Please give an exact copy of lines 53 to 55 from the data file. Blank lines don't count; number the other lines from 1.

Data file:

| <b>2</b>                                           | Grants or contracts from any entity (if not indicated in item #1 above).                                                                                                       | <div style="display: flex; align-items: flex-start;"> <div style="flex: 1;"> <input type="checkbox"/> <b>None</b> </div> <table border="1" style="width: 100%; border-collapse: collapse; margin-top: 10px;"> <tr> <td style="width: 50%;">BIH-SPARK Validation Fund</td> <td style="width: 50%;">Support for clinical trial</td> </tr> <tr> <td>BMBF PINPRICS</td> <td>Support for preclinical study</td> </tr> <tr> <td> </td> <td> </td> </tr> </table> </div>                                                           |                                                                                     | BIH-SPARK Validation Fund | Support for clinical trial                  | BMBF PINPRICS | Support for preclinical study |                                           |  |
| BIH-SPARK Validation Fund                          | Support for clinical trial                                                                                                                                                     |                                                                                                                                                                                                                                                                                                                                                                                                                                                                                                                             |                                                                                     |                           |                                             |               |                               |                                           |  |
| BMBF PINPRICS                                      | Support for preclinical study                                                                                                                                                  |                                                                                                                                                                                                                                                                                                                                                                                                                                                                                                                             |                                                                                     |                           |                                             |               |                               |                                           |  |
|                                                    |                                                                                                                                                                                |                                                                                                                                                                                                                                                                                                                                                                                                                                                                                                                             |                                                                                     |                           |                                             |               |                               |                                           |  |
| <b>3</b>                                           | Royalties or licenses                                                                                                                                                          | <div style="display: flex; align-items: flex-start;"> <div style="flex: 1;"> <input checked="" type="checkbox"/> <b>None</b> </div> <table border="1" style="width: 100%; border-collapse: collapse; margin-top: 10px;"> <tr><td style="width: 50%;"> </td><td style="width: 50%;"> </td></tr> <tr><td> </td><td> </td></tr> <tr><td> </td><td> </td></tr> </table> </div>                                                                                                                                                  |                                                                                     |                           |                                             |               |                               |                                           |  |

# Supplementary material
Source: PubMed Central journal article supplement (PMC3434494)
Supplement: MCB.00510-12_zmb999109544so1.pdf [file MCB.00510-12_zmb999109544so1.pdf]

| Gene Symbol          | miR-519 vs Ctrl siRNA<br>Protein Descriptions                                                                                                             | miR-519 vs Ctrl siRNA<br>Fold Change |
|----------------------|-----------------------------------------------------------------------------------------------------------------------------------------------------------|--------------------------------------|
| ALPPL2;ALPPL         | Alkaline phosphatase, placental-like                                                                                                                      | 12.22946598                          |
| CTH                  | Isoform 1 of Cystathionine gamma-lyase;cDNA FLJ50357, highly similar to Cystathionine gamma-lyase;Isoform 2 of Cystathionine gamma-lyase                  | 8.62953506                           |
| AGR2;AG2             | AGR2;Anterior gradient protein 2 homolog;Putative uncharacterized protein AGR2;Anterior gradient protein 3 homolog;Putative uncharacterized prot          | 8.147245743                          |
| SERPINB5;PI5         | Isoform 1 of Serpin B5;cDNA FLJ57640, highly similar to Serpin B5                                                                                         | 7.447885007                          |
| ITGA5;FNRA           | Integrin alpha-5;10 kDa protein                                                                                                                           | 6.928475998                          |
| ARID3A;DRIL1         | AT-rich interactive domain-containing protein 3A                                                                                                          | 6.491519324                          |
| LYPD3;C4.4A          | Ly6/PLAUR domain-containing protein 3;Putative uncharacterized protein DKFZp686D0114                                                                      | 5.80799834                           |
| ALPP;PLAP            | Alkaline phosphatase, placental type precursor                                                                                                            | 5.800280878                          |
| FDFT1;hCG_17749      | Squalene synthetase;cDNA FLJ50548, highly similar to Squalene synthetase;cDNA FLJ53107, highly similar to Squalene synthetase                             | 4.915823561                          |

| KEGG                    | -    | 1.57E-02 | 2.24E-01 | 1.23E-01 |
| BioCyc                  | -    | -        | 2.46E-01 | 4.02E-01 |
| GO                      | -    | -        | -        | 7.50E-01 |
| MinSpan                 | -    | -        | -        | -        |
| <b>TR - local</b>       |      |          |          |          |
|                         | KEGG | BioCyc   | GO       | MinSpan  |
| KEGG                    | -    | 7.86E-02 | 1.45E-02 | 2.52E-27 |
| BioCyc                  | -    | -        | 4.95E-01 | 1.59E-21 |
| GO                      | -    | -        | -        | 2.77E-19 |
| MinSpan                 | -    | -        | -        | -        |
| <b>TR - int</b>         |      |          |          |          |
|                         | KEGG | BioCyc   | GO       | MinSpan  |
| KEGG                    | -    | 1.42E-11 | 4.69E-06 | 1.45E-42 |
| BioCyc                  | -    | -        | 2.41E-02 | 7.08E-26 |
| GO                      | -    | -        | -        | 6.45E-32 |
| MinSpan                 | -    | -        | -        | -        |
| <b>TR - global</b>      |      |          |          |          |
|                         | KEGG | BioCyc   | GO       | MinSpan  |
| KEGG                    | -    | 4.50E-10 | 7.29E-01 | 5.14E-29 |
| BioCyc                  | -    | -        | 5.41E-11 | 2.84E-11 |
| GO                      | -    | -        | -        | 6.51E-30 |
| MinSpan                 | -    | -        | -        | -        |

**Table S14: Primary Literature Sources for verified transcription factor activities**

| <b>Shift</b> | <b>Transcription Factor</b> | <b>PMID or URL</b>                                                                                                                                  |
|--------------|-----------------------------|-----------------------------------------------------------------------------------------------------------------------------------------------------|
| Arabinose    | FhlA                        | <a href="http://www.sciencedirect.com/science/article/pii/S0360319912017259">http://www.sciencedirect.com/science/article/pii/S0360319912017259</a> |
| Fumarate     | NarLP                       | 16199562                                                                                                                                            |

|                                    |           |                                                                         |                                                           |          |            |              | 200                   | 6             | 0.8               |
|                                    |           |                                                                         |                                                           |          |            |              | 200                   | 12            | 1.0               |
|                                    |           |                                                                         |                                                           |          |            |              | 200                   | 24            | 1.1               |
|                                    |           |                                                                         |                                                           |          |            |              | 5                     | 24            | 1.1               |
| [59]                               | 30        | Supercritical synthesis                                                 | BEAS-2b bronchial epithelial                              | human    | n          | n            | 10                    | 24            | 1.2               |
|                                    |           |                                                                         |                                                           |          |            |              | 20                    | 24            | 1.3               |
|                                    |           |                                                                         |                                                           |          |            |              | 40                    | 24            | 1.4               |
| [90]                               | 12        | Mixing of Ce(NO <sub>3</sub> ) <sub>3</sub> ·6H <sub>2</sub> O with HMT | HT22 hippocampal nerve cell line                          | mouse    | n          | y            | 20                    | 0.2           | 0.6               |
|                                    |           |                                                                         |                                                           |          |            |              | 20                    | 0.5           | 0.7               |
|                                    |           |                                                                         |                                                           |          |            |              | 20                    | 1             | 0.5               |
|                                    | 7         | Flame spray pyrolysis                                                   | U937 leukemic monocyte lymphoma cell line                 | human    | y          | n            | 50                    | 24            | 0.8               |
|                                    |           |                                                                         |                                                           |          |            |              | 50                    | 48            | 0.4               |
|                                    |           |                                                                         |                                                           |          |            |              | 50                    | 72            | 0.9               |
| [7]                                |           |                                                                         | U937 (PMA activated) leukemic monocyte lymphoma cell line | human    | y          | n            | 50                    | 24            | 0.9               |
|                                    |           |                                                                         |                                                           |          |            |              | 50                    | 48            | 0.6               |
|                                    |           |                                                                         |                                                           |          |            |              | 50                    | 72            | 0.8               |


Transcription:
|                                    |           |                                                                         |                                                           |          |            |              | 40                    | 24            | 1.4               |
| [90]                               | 12        | Mixing of Ce(NO <sub>3</sub> ) <sub>3</sub> ·6H <sub>2</sub> O with HMT | HT22 hippocampal nerve cell line                          | mouse    | n          | y            | 20                    | 0.2           | 0.6               |
|                                    |           |                                                                         |                                                           |          |            |              | 20                    | 0.5           | 0.7               |